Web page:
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2 January 1916 – Nell to Jack Fielding

02 Jan

Broadsground
Upton St Leonards

2 January 1916

 

My dear Jack,

By the time you get this I hope you will have got our wire to say that Ted is safe. We had a wire from him at Alexandria & one from Guildford this morning to say he was alright. I was at the hospital washing up when Gladys and Marjorie came & told me that the Persia had been torpedoed in the Mediterranean & in the evening we had a telephone message to say four boats had got to Alexandria. The nurse came to see us yesterday at tea and she told our fortunes in our cups & she said we were to have some good news from over the sea, of a ship from an ‘E’. Marjorie & Louie went down to Mrs Ridler in the evening & cut the cards & she said it would all come right as the cards were so good round Ted & me, & there were some very anxious thoughts coming just before.


Nell never lost her faith in the uncanny as evidenced by Mrs Ridler’s second sight.

The other notable thing about this letter is the mention of the telephone: the unified telephone service in Britain was just over three years old in the beginning of 1916 and even then it was very limited. However, Jack Fielding Sr was an engineer and a prosperous man and an early adopter of new technology. 

 
4 Comments

Posted by on 2 January, '16 in About

 

4 responses to “2 January 1916 – Nell to Jack Fielding

  1. Tamsin

    2 January, '16 at 14:04

    Gloucester 141 was the number at Belmont (the house owned by the Fieldings a little way below Broadsground). Expanded to Goucester-double six-one-four-one by the 1960s when I was being taught the protocol for answering the phone. (Once learned never forgotten.)

     
  2. Family Letters

    2 January, '16 at 23:16

    How interesting. I do wonder if they had a system for phone numbers or if they just started at 1. If the operator was always 100, then it may have been the 41st telephone in Gloucester.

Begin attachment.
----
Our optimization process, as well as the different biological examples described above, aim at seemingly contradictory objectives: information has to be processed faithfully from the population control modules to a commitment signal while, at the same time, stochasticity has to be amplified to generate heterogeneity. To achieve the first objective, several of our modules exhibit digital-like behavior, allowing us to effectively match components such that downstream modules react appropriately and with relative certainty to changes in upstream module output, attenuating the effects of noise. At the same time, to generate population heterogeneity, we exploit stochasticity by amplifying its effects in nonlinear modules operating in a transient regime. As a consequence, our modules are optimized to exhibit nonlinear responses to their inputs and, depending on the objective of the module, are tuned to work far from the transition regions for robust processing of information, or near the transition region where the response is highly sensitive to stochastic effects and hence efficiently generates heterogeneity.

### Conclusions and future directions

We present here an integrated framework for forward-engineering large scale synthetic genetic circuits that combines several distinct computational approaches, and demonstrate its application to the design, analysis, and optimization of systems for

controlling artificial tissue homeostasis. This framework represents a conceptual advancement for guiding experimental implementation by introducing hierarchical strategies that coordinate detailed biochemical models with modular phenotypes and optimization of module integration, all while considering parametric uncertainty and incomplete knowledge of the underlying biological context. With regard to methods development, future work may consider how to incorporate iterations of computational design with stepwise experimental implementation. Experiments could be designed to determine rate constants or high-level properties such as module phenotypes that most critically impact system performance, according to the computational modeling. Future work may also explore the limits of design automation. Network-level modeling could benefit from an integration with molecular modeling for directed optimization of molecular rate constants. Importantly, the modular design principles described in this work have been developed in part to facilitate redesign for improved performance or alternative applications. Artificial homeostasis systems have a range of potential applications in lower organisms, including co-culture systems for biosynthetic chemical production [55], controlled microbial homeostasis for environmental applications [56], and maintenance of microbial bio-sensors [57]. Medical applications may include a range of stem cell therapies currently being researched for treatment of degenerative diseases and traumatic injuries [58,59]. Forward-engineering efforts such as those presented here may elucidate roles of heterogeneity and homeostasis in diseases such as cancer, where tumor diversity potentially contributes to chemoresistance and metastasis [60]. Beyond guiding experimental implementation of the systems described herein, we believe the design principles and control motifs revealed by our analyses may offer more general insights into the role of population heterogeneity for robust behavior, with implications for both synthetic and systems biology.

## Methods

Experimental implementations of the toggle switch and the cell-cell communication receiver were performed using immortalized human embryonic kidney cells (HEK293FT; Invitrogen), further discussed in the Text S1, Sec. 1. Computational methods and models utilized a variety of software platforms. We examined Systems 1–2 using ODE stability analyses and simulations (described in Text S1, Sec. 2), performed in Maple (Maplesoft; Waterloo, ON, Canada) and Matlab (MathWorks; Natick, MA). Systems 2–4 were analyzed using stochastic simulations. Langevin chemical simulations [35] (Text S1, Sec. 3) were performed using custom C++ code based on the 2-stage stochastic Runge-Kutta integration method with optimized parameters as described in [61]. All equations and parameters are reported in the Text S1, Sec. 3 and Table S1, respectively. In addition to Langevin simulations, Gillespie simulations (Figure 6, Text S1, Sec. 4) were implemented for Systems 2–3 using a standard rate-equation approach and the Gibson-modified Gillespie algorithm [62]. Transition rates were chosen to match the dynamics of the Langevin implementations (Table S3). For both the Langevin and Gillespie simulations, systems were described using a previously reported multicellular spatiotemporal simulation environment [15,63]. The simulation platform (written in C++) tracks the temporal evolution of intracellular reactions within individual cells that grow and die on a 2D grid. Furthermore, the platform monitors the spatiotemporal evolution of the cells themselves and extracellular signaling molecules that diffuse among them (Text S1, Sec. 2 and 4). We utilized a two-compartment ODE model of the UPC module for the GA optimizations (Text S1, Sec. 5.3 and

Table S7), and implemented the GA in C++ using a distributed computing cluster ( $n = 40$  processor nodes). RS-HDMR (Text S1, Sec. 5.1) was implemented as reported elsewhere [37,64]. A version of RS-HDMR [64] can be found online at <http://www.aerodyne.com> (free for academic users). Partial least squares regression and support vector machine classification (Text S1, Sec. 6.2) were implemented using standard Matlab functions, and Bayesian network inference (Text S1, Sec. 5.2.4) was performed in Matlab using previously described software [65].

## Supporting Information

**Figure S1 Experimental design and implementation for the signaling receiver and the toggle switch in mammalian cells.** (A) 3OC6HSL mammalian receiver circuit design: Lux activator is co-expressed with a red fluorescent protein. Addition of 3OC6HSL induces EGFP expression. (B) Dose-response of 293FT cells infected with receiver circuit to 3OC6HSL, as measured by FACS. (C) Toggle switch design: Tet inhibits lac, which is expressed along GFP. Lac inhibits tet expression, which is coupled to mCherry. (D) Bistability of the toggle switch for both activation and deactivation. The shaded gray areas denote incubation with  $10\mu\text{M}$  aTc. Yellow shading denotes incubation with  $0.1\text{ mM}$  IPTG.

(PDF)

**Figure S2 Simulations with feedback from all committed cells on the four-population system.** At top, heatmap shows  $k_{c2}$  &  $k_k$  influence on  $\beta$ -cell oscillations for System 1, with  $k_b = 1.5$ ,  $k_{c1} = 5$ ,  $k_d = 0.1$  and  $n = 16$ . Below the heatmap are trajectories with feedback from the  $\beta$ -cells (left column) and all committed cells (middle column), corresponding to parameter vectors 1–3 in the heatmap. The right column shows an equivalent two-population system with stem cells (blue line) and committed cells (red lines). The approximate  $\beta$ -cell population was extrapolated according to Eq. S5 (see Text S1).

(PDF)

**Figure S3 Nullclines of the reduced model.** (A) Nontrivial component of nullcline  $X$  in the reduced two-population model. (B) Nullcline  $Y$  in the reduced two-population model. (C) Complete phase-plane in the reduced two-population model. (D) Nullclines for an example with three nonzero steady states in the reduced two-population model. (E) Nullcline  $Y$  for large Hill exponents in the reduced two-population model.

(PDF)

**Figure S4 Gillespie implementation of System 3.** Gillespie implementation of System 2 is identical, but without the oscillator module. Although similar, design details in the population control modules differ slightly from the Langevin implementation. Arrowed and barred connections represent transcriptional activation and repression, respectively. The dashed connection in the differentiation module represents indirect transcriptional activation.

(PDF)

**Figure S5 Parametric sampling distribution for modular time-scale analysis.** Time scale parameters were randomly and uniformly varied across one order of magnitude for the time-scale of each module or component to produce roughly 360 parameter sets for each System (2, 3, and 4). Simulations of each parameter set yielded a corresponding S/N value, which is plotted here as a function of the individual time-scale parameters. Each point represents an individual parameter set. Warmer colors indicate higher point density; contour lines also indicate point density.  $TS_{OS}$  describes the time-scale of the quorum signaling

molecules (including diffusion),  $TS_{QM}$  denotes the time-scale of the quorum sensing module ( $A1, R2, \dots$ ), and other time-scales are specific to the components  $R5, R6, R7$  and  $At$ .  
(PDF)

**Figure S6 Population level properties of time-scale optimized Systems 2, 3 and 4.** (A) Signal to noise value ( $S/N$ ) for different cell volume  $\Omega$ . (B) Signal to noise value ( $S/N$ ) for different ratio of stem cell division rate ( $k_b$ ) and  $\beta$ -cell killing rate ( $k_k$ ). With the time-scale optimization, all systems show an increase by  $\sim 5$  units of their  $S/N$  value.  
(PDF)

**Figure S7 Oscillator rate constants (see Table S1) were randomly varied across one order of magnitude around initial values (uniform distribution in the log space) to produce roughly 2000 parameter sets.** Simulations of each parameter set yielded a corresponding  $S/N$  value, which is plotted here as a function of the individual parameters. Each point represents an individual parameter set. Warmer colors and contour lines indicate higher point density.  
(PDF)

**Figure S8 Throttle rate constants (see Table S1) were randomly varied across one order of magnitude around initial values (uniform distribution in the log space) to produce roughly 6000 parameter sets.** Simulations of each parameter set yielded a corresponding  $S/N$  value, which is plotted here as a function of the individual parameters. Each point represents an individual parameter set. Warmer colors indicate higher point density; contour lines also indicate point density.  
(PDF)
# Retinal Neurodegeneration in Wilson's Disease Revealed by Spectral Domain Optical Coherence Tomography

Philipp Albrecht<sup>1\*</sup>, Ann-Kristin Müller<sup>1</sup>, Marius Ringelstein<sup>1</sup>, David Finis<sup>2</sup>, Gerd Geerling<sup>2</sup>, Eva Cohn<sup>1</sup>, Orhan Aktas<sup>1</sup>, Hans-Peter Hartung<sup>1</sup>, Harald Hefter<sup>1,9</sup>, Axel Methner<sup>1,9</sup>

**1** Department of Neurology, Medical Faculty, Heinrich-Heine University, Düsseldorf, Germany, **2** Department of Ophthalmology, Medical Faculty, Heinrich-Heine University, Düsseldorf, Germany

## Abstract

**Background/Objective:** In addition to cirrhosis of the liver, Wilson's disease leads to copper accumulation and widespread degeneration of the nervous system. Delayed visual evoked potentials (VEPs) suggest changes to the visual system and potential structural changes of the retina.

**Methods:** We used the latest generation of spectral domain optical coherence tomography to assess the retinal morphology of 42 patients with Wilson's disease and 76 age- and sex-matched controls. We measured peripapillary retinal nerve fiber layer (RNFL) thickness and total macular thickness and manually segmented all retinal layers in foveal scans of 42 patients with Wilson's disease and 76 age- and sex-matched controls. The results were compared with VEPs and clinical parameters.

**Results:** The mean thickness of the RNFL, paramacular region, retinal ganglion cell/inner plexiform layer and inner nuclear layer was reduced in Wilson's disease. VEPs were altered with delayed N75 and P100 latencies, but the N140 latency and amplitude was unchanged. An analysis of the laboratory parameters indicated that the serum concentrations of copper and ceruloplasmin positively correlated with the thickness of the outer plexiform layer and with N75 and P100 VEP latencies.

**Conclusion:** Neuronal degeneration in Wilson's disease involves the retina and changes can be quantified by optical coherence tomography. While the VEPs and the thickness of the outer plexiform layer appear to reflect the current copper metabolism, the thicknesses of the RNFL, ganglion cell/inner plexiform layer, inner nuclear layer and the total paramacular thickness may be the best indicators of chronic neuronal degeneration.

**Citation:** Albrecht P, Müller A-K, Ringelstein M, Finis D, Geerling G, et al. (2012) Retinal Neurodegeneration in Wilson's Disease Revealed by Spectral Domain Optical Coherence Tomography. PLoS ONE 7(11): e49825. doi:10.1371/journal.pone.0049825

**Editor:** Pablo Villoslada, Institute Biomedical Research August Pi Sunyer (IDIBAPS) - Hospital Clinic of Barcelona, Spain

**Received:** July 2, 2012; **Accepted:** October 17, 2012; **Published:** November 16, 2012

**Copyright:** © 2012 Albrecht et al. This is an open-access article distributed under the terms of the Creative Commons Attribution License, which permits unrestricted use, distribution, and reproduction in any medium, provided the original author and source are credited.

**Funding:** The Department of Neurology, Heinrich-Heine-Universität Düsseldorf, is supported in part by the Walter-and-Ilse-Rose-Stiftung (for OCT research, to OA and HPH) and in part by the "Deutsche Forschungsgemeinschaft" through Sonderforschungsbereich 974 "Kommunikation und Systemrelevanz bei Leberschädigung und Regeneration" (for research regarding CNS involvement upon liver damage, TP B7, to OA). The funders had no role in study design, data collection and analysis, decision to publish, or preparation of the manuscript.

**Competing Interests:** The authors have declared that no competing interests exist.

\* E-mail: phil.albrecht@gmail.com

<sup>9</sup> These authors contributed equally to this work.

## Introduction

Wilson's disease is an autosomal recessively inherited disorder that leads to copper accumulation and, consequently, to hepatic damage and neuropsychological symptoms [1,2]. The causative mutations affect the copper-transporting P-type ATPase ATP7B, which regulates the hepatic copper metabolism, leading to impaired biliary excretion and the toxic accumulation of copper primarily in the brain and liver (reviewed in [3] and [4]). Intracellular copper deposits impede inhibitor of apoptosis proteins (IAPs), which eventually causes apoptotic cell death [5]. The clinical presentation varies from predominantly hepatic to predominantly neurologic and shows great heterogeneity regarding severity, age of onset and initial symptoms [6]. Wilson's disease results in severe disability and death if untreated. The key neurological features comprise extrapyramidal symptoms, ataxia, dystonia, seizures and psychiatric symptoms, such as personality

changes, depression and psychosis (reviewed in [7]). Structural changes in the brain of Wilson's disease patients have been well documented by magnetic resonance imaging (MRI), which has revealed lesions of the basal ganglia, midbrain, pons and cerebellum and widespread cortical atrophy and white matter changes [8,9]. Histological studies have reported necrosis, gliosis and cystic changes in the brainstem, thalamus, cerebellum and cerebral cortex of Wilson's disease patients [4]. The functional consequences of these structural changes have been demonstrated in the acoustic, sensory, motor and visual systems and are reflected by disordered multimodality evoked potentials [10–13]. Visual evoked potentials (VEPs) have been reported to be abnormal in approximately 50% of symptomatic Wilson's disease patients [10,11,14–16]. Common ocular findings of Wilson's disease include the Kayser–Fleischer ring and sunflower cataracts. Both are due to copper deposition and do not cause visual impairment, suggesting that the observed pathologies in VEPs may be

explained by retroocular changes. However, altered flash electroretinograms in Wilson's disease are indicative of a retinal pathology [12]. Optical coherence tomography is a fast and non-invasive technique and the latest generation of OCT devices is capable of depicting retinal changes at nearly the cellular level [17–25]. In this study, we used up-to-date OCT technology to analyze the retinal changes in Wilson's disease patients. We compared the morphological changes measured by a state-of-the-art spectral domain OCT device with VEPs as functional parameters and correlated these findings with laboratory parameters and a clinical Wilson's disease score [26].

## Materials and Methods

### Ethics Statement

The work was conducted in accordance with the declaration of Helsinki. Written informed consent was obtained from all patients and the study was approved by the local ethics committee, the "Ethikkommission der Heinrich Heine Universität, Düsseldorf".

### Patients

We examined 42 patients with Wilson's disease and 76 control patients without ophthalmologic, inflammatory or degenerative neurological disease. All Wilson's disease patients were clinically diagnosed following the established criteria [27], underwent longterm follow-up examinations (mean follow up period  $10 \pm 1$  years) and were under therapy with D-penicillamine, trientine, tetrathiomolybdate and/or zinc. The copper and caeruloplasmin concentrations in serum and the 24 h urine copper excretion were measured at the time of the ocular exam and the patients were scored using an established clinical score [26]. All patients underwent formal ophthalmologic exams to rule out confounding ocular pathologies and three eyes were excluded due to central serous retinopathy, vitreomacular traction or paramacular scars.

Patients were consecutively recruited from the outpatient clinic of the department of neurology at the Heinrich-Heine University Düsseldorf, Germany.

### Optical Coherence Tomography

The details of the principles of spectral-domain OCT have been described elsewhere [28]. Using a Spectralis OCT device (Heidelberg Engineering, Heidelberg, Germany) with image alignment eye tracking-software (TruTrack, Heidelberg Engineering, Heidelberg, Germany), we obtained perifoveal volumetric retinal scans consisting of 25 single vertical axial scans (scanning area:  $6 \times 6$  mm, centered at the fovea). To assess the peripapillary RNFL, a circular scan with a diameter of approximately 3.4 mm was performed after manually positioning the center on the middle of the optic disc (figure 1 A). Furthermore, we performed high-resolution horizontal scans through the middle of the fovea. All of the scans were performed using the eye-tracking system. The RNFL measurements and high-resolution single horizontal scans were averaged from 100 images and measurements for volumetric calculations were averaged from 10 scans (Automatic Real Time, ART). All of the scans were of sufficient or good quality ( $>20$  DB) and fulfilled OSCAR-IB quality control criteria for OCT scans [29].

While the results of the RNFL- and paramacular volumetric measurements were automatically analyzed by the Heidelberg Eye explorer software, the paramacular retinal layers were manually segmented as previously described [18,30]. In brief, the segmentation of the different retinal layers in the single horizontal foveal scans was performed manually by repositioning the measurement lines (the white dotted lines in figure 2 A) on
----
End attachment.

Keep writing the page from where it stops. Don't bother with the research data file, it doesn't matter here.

3. Mark Organ

    22 April, '19 at 02:57

    Just to add a bit to this. The “Fieldings” owned Belmont via an inheritence from Edward Edwin Miles. It was his daughter Pauline Ellen Fielding (nee Miles), who was the wife of John Fielding that inherited Belmont after the death of her father in 1915. I would be interested to know what or where Broadsground was and what it is known as now as I can’t seem to find it on any old maps.

     
  4. Family Letters

    29 April, '19 at 17:05

    Hello Mark

    Thank you for posting about this. I hadn’t realised that Belmont was a Miles inheritance, thought it makes complete sense. And it makes sense of something I never understood, which was why the family had two large villas almost side by side. They lived in Broadsground during WW2, but sold it after the War (death duties?) and moved into Belmont which had been let for the duration. Belmont was in turn sold in the early 1970s.

    Broadsground is now the Hatton Court Hotel, which is about a mile or less up the hill from Belmont. I assume that this proximity fostered a romance between Jack Fielding and Pauline Miles, though no one now could be sure. Broadsground was a perfectly sensible mid-Victorian villa though the Fieldings added an entirely fake Tudorbethan frontage to it. If you go there you can quite literally see the join!

    Thanks again for getting in touch and plugging this specific gap in my family history.

     

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